Disposal of agar with silver nitrate

Disposal of agar containing silver nitrate: How should I dispose of an agar plate containing silver nitrate? It was used to create crystals with a piece of zinc. (I put 0.8g of agar in 50mL of deionized water with 10mL of 0.1M AgNO3 and divided it into 3 Petri dishes each with a strip of zinc metal.)

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Publication Date: 28 March 2019
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Disposal of agar with silver nitrate

Background:

A more reactive metal will displace a less reactive metal from its compound. The less reactive metal will coat the surface of the more reactive metal.1 This activity is used to demonstrate a metal displacement reaction between zinc metal and silver ions with the formation of silver crystals. The silver nitrate solution is mixed into molten agar prior to setting in a Petri dish. Zinc metal is placed into the agar, where the zinc displaces the silver out of the agar. Solid silver crystals form around the zinc metal and a small portion of the solid zinc dissolves into the agar to form zinc ions. This means that you may have both silver and zinc ions in the agar.

Disposal:

  • The silver crystals can be scraped off the zinc metal and placed into your heavy metal waste container for collection.
  • The zinc metal strip can be cleaned and kept for further use
  • The amount of zinc and silver ions in the agar mix would be considered trace amounts and therefore are able to be disposed in general waste.

Science ASSIST recommends the use of microscale techniques, where possible. This has the advantages of reducing the risks involved in certain activities and reducing the production of chemical waste.

An example of a microscale reaction for copper displacing silver from a silver nitrate solution can be seen in the video ‘Silver nitrate reacting with copper wire’, YouTube (0.20 sec) https://youtu.be/bj1Bjh0VbvU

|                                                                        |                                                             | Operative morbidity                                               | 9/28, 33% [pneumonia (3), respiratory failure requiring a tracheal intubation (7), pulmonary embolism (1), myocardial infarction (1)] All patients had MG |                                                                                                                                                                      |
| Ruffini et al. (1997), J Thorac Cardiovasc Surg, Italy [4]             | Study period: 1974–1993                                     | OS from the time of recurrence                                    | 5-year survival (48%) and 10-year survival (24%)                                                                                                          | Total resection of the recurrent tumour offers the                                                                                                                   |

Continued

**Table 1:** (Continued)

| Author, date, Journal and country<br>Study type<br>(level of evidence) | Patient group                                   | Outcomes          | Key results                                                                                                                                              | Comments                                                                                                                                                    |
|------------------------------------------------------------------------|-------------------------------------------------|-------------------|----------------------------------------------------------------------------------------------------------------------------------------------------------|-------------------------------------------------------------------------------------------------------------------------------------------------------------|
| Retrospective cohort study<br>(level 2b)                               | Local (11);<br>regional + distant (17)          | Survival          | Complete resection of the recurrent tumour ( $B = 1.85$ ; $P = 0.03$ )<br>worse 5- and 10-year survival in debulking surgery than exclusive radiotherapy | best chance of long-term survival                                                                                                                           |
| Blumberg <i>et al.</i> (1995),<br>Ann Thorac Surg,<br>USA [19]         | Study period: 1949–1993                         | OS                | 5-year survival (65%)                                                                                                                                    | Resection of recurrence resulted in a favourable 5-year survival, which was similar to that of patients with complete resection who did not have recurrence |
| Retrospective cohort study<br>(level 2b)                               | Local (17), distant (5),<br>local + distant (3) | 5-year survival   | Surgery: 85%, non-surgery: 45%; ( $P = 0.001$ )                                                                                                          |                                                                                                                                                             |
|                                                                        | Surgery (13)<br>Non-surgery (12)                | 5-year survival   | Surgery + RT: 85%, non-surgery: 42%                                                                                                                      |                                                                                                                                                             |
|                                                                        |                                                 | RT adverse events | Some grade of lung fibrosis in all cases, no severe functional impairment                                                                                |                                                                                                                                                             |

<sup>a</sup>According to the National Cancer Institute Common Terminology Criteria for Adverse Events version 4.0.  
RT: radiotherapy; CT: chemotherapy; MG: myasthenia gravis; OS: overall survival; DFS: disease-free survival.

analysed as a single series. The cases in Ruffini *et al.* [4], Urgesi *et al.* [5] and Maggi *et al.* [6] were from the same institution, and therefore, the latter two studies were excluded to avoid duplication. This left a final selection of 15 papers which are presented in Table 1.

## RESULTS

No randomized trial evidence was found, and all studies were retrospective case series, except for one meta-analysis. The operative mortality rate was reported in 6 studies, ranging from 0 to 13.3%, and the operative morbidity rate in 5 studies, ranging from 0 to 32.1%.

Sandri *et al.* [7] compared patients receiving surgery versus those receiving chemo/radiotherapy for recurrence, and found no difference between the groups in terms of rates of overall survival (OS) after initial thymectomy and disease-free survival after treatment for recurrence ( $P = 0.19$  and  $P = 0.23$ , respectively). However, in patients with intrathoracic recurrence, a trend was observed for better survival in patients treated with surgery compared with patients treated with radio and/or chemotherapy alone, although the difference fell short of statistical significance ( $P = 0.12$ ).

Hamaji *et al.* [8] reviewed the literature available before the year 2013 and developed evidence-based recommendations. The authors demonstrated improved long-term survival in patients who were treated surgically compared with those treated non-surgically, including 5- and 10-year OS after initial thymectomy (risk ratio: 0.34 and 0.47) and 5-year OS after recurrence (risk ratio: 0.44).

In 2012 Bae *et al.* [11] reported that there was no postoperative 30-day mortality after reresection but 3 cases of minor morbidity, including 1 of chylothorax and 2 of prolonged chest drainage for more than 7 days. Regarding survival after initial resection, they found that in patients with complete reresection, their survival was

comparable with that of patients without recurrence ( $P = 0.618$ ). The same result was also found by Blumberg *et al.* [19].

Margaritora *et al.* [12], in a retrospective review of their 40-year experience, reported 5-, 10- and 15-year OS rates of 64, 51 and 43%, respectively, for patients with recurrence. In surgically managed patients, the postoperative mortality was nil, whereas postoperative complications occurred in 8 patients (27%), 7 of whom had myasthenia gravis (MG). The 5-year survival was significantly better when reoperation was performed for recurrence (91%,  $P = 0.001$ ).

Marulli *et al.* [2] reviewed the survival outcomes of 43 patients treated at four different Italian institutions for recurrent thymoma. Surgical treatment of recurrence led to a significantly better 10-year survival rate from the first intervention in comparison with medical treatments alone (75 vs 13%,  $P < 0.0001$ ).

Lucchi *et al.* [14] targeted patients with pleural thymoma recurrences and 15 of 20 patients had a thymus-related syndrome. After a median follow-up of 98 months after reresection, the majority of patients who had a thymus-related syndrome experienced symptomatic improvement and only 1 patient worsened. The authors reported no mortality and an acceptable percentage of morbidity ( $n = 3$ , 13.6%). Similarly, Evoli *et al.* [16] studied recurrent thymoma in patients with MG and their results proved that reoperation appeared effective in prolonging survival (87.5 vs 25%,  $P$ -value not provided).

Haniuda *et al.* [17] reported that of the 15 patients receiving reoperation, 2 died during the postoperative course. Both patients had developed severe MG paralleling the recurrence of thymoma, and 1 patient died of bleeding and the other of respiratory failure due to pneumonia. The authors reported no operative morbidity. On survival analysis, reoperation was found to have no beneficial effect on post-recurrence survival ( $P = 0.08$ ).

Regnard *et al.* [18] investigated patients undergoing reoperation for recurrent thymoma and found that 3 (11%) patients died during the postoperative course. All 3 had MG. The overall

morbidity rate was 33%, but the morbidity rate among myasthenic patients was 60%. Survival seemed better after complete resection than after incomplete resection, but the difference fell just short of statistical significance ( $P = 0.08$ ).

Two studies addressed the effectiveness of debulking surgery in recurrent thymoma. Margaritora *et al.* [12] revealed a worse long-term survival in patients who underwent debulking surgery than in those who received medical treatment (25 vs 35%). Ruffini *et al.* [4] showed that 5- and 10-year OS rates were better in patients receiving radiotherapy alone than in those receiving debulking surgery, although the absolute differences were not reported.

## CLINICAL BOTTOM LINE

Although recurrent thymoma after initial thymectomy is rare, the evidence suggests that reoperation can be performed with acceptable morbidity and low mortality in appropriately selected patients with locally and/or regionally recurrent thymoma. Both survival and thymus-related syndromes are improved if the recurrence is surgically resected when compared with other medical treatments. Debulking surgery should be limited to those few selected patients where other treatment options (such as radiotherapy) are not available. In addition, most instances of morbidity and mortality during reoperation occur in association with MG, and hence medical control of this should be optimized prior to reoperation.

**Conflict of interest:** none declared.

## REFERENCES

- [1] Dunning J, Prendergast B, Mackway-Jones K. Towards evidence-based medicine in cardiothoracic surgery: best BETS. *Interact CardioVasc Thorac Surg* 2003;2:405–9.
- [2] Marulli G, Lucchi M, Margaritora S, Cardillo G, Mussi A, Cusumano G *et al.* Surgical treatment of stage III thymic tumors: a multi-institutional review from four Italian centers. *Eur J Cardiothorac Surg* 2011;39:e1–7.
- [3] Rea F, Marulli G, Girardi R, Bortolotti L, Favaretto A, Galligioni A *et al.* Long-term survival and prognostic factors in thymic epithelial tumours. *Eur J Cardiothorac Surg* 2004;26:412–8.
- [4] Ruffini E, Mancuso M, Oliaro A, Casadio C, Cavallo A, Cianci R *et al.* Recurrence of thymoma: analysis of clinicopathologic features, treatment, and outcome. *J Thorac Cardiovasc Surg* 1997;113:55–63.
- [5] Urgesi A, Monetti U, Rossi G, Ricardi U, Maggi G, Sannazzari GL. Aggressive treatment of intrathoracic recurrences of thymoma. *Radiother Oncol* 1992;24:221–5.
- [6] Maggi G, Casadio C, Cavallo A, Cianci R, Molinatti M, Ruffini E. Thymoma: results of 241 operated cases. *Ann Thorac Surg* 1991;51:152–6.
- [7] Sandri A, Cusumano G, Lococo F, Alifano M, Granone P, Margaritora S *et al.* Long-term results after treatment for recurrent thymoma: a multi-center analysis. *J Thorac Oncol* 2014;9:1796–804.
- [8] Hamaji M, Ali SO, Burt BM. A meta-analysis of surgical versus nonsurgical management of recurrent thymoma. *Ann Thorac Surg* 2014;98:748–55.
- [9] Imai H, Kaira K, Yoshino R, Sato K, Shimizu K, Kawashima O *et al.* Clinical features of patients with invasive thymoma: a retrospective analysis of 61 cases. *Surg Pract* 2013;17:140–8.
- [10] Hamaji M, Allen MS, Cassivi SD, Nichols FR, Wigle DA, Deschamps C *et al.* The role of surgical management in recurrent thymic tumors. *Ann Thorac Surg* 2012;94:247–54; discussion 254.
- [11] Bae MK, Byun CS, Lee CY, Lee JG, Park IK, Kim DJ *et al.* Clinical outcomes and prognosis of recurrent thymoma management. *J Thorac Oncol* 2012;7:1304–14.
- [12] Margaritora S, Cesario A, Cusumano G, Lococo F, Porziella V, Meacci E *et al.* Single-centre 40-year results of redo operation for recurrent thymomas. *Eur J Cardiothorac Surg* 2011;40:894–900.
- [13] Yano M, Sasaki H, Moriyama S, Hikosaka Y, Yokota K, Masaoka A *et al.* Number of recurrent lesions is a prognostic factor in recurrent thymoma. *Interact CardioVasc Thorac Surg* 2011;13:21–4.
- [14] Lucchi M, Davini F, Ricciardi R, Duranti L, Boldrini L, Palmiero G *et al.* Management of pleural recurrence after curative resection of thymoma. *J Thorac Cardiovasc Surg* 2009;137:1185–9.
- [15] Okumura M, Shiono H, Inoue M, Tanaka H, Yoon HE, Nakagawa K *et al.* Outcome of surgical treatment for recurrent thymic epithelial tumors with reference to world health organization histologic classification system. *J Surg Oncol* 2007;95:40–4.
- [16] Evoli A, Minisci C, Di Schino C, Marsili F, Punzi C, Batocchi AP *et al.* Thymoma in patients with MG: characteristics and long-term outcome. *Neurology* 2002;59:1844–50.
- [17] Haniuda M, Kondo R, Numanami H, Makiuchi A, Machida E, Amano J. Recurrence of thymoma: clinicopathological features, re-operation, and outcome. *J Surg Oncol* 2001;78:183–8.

• Use 1-2 drops of 0.1M silver nitrate on an acetate sheet/plastic sleeve protector
  • Place a bare (not coated) copper wire half way into the droplet.
  • Watch the development of silver crystals on the copper wire. It could be filmed using a mobile phone with a magnifying lens added.
  • The quantity of chemical waste is not significant and can be wiped up with a paper towel or tissue and disposed of in the general waste.

References and further reading

1 ‘Metals’, KS3 Chemistry, BBC Bitesize website, https://www.bbc.com/bitesize/guides/zqwmxnb/revision/3 (Accessed March 2019)

‘Displacement reactions between metals and their salts’, LearnChemistry – Royal Society of Chemistry website, http://www.rsc.org/learn-chemistry/resource/res00000720/displacement-reactions-between-metals-and-their-salts?cmpid=CMP00005017 (October 2015)

‘Microscale chemistry’, Education in chemistry website, https://eic.rsc.org/feature/microscale-chemistry/2020192.article (March 2007)

 ‘Microscale chemistry revisited’, Education in chemistry website, https://eic.rsc.org/feature/microscale-chemistry-revisited/2020193.article (May 2012)

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